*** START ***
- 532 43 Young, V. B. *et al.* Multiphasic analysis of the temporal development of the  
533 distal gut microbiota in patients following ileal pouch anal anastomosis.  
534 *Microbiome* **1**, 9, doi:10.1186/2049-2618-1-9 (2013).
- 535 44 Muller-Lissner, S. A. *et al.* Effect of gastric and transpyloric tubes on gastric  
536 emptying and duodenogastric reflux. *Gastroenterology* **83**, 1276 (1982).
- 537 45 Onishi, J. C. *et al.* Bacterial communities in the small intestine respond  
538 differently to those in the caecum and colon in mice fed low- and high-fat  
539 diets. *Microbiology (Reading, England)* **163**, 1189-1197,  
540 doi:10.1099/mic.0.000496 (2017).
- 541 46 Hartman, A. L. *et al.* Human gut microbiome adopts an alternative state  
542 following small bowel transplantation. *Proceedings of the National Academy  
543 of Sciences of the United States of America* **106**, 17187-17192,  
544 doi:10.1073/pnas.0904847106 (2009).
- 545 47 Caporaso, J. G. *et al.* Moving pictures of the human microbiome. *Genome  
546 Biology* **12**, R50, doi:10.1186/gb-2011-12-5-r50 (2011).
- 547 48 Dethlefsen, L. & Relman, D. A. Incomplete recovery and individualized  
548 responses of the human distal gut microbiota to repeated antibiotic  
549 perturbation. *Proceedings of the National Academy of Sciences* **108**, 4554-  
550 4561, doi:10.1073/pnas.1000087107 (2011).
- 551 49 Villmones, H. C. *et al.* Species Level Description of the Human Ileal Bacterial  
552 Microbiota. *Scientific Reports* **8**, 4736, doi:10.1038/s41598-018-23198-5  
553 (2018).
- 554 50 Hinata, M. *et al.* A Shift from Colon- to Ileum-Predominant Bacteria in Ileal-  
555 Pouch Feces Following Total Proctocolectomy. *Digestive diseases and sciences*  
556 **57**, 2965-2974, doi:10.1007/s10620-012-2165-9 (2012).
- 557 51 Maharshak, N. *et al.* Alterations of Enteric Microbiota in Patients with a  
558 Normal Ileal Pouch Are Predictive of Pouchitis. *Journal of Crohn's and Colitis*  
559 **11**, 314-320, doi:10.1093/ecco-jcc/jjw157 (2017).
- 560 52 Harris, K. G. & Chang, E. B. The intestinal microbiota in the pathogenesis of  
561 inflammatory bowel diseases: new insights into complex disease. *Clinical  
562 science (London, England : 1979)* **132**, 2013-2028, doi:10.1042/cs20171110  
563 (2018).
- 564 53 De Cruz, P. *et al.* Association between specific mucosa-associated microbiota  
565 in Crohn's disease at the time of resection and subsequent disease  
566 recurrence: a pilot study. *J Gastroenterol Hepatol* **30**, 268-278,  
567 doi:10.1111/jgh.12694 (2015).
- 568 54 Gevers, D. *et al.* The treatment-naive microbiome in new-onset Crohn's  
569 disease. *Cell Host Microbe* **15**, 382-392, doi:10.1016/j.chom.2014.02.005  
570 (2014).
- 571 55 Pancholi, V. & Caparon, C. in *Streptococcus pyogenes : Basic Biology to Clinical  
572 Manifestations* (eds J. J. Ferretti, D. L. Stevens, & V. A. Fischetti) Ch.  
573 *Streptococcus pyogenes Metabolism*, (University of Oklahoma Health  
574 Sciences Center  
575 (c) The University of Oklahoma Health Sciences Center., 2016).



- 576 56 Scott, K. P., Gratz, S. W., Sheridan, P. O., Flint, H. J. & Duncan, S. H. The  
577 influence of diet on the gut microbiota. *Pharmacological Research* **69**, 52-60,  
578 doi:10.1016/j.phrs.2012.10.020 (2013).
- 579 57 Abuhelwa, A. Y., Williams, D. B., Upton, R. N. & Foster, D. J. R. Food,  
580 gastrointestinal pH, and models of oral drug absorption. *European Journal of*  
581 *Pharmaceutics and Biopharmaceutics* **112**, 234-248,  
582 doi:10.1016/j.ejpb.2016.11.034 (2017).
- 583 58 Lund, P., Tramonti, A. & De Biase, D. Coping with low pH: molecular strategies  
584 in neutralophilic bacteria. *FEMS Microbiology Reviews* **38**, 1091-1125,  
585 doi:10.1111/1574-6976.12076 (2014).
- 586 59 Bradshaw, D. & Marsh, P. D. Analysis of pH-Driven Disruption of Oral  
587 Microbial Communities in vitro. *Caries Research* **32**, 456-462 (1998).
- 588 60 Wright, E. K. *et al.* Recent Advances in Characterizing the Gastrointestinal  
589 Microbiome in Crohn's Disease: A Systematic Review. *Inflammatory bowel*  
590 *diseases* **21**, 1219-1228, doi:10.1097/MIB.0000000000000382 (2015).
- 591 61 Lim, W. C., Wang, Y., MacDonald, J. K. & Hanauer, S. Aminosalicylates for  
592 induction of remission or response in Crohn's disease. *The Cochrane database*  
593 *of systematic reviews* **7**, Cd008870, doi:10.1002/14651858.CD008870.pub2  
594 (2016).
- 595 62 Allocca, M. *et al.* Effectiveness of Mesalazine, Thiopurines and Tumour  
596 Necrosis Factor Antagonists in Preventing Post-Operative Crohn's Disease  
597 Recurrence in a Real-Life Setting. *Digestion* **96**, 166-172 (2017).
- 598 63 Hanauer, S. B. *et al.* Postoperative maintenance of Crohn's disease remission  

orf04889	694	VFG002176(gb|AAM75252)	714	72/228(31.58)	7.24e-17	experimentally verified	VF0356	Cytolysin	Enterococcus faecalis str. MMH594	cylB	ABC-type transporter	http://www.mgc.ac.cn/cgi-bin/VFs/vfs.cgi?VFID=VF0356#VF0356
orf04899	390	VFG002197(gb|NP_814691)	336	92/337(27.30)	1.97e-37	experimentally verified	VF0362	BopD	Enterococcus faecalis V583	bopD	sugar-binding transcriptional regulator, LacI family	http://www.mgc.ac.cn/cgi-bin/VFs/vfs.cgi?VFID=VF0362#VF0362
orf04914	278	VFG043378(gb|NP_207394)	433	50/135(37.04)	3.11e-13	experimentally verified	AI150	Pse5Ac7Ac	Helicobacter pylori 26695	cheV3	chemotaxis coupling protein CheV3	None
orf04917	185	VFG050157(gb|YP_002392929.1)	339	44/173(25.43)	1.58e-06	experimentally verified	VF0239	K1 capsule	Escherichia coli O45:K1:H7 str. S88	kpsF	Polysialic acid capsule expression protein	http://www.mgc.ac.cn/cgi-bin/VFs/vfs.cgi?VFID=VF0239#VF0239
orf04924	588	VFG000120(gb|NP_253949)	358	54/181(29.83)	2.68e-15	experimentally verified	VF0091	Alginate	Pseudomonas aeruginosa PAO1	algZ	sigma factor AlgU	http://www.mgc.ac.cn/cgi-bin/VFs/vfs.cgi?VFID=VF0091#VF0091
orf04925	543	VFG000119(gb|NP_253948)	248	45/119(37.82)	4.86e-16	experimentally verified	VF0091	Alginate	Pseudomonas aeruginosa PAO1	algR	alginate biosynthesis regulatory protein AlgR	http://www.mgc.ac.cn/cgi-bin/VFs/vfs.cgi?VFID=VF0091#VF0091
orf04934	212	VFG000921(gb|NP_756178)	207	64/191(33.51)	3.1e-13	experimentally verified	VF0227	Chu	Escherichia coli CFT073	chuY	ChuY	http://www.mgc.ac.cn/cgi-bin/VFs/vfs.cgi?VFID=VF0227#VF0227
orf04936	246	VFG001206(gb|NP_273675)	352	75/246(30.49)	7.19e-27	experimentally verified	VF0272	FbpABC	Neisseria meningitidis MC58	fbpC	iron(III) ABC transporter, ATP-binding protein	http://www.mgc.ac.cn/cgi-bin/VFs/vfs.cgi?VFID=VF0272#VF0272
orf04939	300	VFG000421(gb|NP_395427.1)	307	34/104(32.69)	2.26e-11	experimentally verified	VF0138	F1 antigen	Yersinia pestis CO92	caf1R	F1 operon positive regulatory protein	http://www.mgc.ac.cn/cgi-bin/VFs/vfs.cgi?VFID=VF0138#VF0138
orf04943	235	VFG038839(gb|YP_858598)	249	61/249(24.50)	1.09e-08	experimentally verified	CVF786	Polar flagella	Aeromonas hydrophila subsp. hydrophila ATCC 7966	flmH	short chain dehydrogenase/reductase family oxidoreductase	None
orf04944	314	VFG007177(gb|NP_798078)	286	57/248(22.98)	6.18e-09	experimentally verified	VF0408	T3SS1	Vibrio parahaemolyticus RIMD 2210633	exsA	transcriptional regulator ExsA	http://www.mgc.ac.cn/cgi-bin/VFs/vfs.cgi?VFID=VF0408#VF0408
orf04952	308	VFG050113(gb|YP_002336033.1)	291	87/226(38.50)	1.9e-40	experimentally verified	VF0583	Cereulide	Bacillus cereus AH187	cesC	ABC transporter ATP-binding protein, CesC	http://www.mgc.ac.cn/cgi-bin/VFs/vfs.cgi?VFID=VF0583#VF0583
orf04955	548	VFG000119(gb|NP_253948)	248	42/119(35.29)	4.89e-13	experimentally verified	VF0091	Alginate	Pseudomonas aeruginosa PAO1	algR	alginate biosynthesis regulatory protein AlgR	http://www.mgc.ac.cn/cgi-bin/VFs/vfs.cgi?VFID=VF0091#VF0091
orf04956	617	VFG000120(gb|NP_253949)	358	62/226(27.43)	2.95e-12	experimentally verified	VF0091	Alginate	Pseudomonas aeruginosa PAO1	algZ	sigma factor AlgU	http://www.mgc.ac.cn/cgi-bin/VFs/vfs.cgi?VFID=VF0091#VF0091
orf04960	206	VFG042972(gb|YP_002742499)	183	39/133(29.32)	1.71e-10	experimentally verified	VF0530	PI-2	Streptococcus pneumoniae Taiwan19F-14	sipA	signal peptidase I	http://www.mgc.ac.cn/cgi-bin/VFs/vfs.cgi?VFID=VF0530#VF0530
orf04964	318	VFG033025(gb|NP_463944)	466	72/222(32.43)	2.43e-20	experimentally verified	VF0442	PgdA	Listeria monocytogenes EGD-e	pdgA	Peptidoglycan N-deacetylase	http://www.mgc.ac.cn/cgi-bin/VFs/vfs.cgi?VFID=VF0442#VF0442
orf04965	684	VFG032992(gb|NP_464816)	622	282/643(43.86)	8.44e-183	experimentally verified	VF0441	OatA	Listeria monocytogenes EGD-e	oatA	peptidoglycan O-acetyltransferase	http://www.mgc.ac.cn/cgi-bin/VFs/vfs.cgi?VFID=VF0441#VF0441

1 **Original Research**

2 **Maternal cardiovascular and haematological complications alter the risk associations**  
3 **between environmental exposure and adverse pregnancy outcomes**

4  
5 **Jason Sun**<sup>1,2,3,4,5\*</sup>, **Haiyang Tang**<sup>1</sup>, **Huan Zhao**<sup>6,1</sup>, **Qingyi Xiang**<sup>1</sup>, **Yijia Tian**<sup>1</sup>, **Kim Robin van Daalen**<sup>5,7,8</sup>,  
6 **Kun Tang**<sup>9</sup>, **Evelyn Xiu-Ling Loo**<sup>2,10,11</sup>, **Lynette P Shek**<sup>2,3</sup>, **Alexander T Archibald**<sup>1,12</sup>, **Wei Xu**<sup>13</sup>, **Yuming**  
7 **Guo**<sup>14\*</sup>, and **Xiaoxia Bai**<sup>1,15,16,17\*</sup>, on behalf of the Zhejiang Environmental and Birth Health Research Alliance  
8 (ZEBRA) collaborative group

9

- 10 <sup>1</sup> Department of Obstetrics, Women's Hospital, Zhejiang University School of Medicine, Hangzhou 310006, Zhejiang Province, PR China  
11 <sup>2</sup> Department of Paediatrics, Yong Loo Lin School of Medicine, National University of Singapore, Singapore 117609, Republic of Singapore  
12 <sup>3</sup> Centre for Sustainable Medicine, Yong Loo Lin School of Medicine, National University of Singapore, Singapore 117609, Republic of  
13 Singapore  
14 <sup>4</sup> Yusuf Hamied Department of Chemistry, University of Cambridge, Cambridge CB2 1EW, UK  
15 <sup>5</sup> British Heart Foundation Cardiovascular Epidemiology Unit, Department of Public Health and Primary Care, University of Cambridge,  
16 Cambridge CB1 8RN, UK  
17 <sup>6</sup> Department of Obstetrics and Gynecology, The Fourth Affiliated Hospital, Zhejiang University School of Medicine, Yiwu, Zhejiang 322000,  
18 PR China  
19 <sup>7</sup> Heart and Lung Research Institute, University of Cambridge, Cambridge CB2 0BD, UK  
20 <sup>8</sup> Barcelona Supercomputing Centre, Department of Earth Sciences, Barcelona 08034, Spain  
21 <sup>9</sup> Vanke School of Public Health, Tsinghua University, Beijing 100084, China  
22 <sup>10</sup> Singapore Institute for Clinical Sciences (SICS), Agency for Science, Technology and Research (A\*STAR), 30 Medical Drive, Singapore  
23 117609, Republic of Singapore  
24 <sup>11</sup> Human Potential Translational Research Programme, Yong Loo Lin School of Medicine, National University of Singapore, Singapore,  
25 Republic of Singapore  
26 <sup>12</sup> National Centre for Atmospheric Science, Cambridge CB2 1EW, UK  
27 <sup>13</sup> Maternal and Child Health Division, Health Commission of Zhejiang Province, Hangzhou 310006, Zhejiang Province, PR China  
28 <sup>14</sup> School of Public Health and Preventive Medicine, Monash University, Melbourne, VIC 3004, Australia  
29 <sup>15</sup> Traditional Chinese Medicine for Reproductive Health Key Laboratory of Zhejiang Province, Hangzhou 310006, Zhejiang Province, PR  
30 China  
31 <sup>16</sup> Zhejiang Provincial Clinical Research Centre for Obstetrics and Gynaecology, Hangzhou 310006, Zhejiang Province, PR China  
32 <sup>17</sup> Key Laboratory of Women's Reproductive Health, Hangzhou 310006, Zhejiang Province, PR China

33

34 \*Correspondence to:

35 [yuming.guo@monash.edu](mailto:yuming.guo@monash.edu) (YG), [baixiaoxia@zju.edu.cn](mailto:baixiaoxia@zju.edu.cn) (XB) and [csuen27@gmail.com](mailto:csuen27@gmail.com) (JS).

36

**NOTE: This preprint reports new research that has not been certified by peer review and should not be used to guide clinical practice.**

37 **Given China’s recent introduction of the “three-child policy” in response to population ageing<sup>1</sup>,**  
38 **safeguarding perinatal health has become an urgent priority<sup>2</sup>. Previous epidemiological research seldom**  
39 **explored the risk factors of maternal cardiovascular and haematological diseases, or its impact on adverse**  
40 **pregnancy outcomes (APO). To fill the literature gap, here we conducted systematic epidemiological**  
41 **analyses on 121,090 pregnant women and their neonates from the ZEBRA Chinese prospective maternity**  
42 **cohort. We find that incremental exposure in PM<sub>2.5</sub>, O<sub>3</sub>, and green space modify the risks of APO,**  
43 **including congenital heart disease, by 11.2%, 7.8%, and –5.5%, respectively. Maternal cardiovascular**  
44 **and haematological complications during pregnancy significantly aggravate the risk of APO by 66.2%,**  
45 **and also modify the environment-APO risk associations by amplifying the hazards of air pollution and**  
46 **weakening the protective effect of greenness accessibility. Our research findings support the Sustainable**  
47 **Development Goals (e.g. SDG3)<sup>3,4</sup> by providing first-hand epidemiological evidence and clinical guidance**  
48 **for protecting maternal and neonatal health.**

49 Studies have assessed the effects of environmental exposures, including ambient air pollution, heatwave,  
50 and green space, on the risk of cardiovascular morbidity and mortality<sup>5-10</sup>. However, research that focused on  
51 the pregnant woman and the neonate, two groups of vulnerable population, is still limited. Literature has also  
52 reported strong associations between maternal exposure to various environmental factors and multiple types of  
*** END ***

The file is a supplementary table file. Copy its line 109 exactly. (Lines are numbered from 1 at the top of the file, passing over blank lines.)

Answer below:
25 Republic of Singapore  